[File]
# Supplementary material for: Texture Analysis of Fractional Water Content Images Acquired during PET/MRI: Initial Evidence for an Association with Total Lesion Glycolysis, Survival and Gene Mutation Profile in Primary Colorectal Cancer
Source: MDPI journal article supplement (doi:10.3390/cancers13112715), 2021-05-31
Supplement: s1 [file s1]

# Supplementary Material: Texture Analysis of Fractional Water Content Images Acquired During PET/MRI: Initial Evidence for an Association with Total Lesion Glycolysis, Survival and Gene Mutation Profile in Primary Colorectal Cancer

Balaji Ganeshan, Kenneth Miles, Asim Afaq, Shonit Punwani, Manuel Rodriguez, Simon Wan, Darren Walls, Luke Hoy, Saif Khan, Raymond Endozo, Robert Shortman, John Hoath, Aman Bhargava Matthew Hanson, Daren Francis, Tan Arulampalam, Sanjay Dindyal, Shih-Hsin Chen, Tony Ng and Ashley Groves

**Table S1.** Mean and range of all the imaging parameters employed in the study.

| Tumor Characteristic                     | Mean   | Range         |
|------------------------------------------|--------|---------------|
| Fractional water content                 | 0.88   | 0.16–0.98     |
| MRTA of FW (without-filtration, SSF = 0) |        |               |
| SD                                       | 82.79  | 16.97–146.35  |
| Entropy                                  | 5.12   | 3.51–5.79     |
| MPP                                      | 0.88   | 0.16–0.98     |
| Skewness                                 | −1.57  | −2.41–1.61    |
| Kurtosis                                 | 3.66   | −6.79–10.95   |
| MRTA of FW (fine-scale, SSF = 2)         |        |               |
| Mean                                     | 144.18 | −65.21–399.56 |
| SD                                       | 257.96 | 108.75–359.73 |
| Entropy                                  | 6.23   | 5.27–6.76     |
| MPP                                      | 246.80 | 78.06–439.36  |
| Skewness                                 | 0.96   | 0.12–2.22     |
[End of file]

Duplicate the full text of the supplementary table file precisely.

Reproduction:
# Supplementary material for: Texture Analysis of Fractional Water Content Images Acquired during PET/MRI: Initial Evidence for an Association with Total Lesion Glycolysis, Survival and Gene Mutation Profile in Primary Colorectal Cancer
Source: MDPI journal article supplement (doi:10.3390/cancers13112715), 2021-05-31
Supplement: s1 [file s1]

# Supplementary Material: Texture Analysis of Fractional Water Content Images Acquired During PET/MRI: Initial Evidence for an Association with Total Lesion Glycolysis, Survival and Gene Mutation Profile in Primary Colorectal Cancer

Balaji Ganeshan, Kenneth Miles, Asim Afaq, Shonit Punwani, Manuel Rodriguez, Simon Wan, Darren Walls, Luke Hoy, Saif Khan, Raymond Endozo, Robert Shortman, John Hoath, Aman Bhargava Matthew Hanson, Daren Francis, Tan Arulampalam, Sanjay Dindyal, Shih-Hsin Chen, Tony Ng and Ashley Groves

**Table S1.** Mean and range of all the imaging parameters employed in the study.

| Tumor Characteristic                     | Mean   | Range         |
|------------------------------------------|--------|---------------|
| Fractional water content                 | 0.88   | 0.16–0.98     |
| MRTA of FW (without-filtration, SSF = 0) |        |               |
| SD                                       | 82.79  | 16.97–146.35  |
| Entropy                                  | 5.12   | 3.51–5.79     |
| MPP                                      | 0.88   | 0.16–0.98     |
| Skewness                                 | −1.57  | −2.41–1.61    |
| Kurtosis                                 | 3.66   | −6.79–10.95   |
| MRTA of FW (fine-scale, SSF = 2)         |        |               |
| Mean                                     | 144.18 | −65.21–399.56 |
| SD                                       | 257.96 | 108.75–359.73 |
| Entropy                                  | 6.23   | 5.27–6.76     |
| MPP                                      | 246.80 | 78.06–439.36  |
| Skewness                                 | 0.96   | 0.12–2.22     |